Our cooler ice packs work well for 2 reasons, one is the formulation and the other is the bag it comes in. The Cooler Shock ice pack bag has 5 layers including aluminum (not Mylar) and Nylon. It is designed to allow energy to transfer rapidly. Other cooler ice packs often have a hard plastic shell which makes them more durable. The problem is that you are giving up the primary goal of keeping things cold for the durability. In our view it’s like making tires out of metal to get them to last longer. They will last longer but you will not get what you need out of a tire, the ability to stop and steer.
That said, we want you to be happy with the durability of our product as well. Please check our webpage on care and maintenance https://coolershock.com/care–maintenance.html to get the best longevity out of our ice packs. Here are a couple of basic pointers….try not to toss them especially when soft or cause them to crush up into a corner. This will stress the lamination of the 5 layers over time.
Keep in mind that a cooler ice pack releases energy from both sides. If you put an ice pack against the side of a cooler (yes very common) you are insulating one side from releasing energy and you are also pushing good energy out of the side of the cooler. Placing the ice packs amongst your food and beverages gives the very best result.
Finally, contact us if you have any issues with your packs durability so we can make you happy again. Thank you for the great reviews and for your purchase. Chris Aliberti, Co-Founder
Lately we have been getting a lot of questions about traveling by air with ice packs.
Here’s the skinny…
You can bring Cooler Shock packs through security as long as they are frozen, no issues. (You can get details at TSA.Gov)
If the packs are defrosted they will not let you take them on the plane. Consider checking ahead at your hotel or other destination to be sure you can re-freeze the packs to take them home.
Of course you can transport the dry packs if they have not been hydrated yet. The CS packs should stay frozen all day if you take them to the airport in a cooler.
We’ve had a lot of questions related to this and the transportation of breast milk. It seems that we’ve been mentioned somewhere on a website regarding the great success one Mom had using CS for this purpose. If you have specific need please check our chart for usage on our main web page or contact us for specific details.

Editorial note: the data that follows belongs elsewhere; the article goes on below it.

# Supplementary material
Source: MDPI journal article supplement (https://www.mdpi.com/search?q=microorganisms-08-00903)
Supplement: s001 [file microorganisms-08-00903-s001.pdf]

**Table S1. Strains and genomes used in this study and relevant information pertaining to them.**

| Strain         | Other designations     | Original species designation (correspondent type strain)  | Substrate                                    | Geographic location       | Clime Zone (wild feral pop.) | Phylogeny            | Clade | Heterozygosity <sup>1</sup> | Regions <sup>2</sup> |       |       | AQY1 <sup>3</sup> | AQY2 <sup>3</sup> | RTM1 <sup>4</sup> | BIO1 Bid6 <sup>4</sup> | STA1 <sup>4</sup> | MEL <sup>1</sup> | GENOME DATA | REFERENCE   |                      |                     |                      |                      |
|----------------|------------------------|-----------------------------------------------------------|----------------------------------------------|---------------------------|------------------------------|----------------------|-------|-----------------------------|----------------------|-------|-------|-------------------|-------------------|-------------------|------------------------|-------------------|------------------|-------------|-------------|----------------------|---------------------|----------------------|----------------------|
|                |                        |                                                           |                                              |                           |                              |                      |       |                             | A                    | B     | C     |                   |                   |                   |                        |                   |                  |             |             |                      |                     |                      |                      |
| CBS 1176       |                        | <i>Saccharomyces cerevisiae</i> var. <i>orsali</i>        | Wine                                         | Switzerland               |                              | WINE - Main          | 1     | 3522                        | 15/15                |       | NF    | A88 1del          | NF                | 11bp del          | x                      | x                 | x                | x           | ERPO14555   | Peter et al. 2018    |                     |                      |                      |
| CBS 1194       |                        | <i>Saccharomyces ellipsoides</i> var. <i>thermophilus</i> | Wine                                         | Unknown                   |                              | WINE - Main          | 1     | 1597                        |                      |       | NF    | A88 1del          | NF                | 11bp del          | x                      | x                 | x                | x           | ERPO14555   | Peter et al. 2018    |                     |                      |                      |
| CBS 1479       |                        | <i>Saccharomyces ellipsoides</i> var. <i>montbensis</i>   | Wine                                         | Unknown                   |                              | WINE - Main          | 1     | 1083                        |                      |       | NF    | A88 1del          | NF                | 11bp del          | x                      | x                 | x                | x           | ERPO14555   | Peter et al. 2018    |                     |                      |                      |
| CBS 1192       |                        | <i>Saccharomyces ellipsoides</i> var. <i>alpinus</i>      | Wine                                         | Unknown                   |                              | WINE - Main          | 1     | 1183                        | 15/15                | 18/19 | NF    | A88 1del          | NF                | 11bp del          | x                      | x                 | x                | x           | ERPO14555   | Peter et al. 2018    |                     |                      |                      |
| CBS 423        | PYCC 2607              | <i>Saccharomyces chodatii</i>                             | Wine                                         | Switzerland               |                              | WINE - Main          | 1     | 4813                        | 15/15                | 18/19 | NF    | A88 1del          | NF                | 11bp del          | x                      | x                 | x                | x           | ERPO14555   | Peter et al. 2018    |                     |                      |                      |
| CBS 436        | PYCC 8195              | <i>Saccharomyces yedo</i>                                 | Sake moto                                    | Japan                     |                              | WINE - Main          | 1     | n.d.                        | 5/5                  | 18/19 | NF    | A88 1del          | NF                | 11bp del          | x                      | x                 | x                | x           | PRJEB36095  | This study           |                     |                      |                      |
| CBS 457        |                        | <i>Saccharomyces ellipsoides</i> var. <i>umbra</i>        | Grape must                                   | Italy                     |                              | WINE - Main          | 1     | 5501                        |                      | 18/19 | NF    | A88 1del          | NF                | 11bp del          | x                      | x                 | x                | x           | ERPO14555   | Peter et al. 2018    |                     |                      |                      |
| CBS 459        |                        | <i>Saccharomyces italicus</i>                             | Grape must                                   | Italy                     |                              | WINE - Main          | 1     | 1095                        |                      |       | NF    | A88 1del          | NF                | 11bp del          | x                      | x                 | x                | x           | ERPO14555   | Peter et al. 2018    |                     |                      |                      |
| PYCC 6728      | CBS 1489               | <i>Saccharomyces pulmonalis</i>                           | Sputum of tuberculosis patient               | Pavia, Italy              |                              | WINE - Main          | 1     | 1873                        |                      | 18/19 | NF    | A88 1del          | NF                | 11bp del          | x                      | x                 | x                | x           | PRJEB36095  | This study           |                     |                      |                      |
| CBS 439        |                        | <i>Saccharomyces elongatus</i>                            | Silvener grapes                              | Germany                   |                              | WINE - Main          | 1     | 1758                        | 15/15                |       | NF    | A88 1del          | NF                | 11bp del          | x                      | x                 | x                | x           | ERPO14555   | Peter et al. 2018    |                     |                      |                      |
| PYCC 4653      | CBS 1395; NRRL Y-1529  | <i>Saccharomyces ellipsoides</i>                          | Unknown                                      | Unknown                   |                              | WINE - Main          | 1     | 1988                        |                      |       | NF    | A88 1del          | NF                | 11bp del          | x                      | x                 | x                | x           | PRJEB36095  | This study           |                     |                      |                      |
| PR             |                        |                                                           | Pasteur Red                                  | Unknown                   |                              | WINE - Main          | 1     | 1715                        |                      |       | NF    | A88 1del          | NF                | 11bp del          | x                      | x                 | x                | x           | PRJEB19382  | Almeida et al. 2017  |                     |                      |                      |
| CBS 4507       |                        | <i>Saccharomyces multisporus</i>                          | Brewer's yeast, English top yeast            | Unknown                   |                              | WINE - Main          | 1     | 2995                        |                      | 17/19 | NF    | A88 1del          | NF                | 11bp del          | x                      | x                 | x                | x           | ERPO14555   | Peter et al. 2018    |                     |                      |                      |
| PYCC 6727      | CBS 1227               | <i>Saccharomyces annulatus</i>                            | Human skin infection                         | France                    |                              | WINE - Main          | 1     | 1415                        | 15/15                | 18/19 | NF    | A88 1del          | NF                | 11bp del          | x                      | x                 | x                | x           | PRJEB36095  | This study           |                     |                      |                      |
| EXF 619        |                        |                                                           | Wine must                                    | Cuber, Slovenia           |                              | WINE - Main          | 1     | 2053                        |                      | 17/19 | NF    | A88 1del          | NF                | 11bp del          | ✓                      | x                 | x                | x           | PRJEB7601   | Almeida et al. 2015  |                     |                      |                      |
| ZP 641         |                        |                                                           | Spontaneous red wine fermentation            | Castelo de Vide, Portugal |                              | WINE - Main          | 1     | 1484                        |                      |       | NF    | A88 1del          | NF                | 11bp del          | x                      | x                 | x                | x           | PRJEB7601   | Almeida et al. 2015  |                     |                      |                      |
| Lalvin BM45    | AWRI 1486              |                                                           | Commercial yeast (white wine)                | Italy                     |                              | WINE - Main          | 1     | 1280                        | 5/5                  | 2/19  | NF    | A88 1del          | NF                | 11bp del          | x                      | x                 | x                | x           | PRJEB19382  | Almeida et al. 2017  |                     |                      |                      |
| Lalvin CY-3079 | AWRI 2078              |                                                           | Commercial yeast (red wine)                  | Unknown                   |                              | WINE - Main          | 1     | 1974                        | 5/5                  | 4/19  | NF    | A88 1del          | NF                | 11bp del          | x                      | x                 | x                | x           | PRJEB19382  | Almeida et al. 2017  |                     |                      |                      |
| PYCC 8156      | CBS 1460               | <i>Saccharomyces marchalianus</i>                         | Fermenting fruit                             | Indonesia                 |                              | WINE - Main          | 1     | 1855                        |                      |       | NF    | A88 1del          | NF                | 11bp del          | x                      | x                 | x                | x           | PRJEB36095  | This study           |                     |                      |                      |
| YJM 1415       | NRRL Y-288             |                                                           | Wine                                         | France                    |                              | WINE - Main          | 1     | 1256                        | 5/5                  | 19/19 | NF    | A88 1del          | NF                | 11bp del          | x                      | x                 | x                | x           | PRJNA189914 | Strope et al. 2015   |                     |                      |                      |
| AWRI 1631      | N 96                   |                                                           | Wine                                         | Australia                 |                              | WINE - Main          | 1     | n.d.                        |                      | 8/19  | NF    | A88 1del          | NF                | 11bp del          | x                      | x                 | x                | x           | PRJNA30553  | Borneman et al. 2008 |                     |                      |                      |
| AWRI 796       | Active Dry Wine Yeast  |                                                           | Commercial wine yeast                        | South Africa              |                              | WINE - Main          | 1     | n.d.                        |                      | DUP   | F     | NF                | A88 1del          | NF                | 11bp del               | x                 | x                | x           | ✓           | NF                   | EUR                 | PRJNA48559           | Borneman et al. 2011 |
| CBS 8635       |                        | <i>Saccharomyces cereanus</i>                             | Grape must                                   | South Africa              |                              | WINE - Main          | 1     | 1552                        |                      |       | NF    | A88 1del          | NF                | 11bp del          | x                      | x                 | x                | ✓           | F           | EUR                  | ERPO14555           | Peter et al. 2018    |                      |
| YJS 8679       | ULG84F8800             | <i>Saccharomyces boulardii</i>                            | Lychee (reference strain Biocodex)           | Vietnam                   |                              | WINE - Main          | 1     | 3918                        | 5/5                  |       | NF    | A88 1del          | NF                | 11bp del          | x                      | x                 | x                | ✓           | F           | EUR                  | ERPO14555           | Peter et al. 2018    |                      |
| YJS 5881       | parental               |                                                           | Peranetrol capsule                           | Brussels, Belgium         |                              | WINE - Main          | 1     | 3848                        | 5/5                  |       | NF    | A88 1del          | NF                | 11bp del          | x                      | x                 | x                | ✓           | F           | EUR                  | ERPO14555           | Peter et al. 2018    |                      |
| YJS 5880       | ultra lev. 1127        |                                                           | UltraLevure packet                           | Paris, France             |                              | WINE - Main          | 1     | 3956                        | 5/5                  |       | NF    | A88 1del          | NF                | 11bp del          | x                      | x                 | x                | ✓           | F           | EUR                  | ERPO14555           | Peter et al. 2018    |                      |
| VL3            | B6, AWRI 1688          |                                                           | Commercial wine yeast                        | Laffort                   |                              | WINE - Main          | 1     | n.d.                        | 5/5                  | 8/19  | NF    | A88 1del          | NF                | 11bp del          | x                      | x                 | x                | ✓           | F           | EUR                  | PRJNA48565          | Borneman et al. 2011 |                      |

Cooler Shock ice packs absorb heat from both sides. Understanding that, consider allowing both sides to work for you for best performance. If you place the pack directly on the bottom or in direct flush contact with the sides of a cooler, you are using the ice pack to absorb heat through the cooler wall and then from the outside. Said another way, you are cooling the wall of the cooler and the outside. For many on a one day trip this is probably irrelevant. For those that want the most out of the pack, place it so that it is not in direct contact with the floor or sides of the cooler. You can do this by placing beverages under it or use basic bubble wrap to create an airspace.
For those taking multiple packs for multi-day use, stack the packs (still using something to keep the bottom pack off the floor of the cooler (bubble wrap again). As the upper packs give off their energy, remove them and expose the next pack. By doing this you are using the upper packs as insulators for the lower packs thereby not allowing them to all cool at once.
Conversely, when freezing your packs, create air space in between them when placing them in the freezer to get the highest energy absorption in the shortest amount of time. One way is to spread them out on different shelves.
Yes, there is a science to this and you will have a much better experience when armed with knowledge.